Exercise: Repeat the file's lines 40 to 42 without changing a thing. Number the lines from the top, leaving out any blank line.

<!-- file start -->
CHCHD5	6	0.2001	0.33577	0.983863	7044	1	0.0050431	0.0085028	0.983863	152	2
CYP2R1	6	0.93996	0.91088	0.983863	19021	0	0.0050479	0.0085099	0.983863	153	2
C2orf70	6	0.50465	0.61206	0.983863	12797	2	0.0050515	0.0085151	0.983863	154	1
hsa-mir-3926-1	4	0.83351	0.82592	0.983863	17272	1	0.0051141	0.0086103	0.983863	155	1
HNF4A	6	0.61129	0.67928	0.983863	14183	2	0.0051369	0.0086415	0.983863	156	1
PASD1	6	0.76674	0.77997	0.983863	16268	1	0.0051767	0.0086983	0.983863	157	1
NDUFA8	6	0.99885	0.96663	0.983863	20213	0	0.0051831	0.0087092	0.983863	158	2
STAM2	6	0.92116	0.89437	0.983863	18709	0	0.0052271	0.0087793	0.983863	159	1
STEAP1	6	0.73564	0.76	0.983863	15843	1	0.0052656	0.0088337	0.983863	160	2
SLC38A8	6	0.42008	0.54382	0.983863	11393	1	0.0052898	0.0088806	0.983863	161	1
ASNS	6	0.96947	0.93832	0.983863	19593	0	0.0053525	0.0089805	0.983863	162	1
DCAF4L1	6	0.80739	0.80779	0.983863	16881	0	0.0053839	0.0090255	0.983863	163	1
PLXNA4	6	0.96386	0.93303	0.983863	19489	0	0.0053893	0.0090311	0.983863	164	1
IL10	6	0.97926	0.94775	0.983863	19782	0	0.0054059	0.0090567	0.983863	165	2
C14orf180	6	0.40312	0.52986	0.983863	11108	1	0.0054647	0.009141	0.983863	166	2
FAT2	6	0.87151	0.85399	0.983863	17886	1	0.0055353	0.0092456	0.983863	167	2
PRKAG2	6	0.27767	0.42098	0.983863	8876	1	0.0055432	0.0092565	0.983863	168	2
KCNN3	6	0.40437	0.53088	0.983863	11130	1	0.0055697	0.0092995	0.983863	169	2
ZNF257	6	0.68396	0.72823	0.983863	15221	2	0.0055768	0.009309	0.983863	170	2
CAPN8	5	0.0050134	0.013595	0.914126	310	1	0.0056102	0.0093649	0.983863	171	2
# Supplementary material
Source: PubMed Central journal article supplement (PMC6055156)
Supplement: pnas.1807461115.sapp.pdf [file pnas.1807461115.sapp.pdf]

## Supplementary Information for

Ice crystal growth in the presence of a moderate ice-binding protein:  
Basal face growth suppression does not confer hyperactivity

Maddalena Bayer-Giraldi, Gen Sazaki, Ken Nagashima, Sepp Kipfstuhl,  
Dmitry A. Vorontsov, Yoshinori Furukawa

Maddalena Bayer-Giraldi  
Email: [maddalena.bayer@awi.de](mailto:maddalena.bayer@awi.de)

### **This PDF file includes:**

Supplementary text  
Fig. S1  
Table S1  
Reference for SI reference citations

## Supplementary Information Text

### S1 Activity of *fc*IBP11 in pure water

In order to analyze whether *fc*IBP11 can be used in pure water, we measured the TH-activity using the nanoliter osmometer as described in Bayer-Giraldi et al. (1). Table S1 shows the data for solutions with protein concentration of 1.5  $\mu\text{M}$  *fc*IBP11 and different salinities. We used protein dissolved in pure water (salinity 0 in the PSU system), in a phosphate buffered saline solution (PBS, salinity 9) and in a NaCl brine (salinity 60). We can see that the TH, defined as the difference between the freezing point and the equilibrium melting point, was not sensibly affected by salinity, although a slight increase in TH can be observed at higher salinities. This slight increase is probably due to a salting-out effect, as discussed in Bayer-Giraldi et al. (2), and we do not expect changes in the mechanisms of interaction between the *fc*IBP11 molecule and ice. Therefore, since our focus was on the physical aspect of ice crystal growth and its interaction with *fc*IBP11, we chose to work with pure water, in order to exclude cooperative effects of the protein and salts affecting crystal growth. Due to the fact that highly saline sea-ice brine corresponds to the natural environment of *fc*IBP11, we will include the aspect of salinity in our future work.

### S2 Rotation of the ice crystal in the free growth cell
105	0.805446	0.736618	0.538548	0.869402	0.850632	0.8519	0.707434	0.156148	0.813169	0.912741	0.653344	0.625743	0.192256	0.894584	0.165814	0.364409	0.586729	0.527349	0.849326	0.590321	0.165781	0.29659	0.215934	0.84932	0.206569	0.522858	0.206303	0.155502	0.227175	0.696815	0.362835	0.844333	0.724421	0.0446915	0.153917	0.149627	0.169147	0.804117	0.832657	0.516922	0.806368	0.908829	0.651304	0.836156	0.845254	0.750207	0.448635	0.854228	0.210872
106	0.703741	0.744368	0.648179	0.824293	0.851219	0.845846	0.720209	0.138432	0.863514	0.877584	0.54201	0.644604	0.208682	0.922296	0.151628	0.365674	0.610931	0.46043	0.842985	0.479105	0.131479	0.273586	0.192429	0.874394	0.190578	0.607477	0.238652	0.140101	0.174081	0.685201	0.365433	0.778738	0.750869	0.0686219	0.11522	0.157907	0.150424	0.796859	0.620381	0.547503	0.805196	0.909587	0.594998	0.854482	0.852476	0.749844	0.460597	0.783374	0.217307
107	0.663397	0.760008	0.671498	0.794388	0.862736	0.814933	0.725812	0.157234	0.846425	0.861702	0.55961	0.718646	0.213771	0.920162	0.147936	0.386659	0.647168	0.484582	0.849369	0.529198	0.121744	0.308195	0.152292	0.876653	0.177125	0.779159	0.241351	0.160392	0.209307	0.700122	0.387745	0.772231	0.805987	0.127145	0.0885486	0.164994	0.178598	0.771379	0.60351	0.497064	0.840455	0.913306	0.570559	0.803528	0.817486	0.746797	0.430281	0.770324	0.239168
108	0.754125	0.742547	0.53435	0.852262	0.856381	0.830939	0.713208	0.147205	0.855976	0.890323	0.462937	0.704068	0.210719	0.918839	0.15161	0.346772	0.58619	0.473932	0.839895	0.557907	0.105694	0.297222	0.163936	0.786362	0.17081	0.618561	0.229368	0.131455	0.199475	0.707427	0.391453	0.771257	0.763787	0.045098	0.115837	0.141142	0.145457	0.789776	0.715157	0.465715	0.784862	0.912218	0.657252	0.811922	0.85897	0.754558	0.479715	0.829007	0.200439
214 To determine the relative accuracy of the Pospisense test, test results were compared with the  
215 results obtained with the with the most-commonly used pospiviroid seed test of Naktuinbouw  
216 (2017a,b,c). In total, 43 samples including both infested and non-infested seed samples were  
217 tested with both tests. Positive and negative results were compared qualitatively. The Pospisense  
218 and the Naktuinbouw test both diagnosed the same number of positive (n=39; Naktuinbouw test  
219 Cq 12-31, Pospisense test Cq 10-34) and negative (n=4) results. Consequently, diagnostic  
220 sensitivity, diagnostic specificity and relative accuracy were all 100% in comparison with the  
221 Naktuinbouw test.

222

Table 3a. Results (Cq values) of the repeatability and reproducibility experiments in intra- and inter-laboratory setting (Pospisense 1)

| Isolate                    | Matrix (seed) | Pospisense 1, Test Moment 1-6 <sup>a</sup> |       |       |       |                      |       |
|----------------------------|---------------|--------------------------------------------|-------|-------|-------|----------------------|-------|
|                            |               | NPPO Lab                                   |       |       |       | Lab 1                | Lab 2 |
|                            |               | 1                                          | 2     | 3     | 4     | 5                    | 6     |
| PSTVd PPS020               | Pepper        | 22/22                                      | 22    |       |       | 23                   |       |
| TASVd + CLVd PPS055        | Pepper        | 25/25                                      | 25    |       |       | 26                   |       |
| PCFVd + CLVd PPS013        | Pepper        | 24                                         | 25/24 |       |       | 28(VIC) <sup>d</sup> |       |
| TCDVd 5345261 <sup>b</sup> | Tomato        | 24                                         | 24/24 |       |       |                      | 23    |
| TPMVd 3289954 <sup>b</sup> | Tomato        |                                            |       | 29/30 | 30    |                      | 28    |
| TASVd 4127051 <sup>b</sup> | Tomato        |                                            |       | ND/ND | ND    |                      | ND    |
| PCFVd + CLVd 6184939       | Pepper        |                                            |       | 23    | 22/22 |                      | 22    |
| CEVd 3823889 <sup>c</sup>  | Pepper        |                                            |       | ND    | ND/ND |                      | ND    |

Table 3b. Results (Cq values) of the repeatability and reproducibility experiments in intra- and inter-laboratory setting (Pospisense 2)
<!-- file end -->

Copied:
105	0.805446	0.736618	0.538548	0.869402	0.850632	0.8519	0.707434	0.156148	0.813169	0.912741	0.653344	0.625743	0.192256	0.894584	0.165814	0.364409	0.586729	0.527349	0.849326	0.590321	0.165781	0.29659	0.215934	0.84932	0.206569	0.522858	0.206303	0.155502	0.227175	0.696815	0.362835	0.844333	0.724421	0.0446915	0.153917	0.149627	0.169147	0.804117	0.832657	0.516922	0.806368	0.908829	0.651304	0.836156	0.845254	0.750207	0.448635	0.854228	0.210872
106	0.703741	0.744368	0.648179	0.824293	0.851219	0.845846	0.720209	0.138432	0.863514	0.877584	0.54201	0.644604	0.208682	0.922296	0.151628	0.365674	0.610931	0.46043	0.842985	0.479105	0.131479	0.273586	0.192429	0.874394	0.190578	0.607477	0.238652	0.140101	0.174081	0.685201	0.365433	0.778738	0.750869	0.0686219	0.11522	0.157907	0.150424	0.796859	0.620381	0.547503	0.805196	0.909587	0.594998	0.854482	0.852476	0.749844	0.460597	0.783374	0.217307
107	0.663397	0.760008	0.671498	0.794388	0.862736	0.814933	0.725812	0.157234	0.846425	0.861702	0.55961	0.718646	0.213771	0.920162	0.147936	0.386659	0.647168	0.484582	0.849369	0.529198	0.121744	0.308195	0.152292	0.876653	0.177125	0.779159	0.241351	0.160392	0.209307	0.700122	0.387745	0.772231	0.805987	0.127145	0.0885486	0.164994	0.178598	0.771379	0.60351	0.497064	0.840455	0.913306	0.570559	0.803528	0.817486	0.746797	0.430281	0.770324	0.239168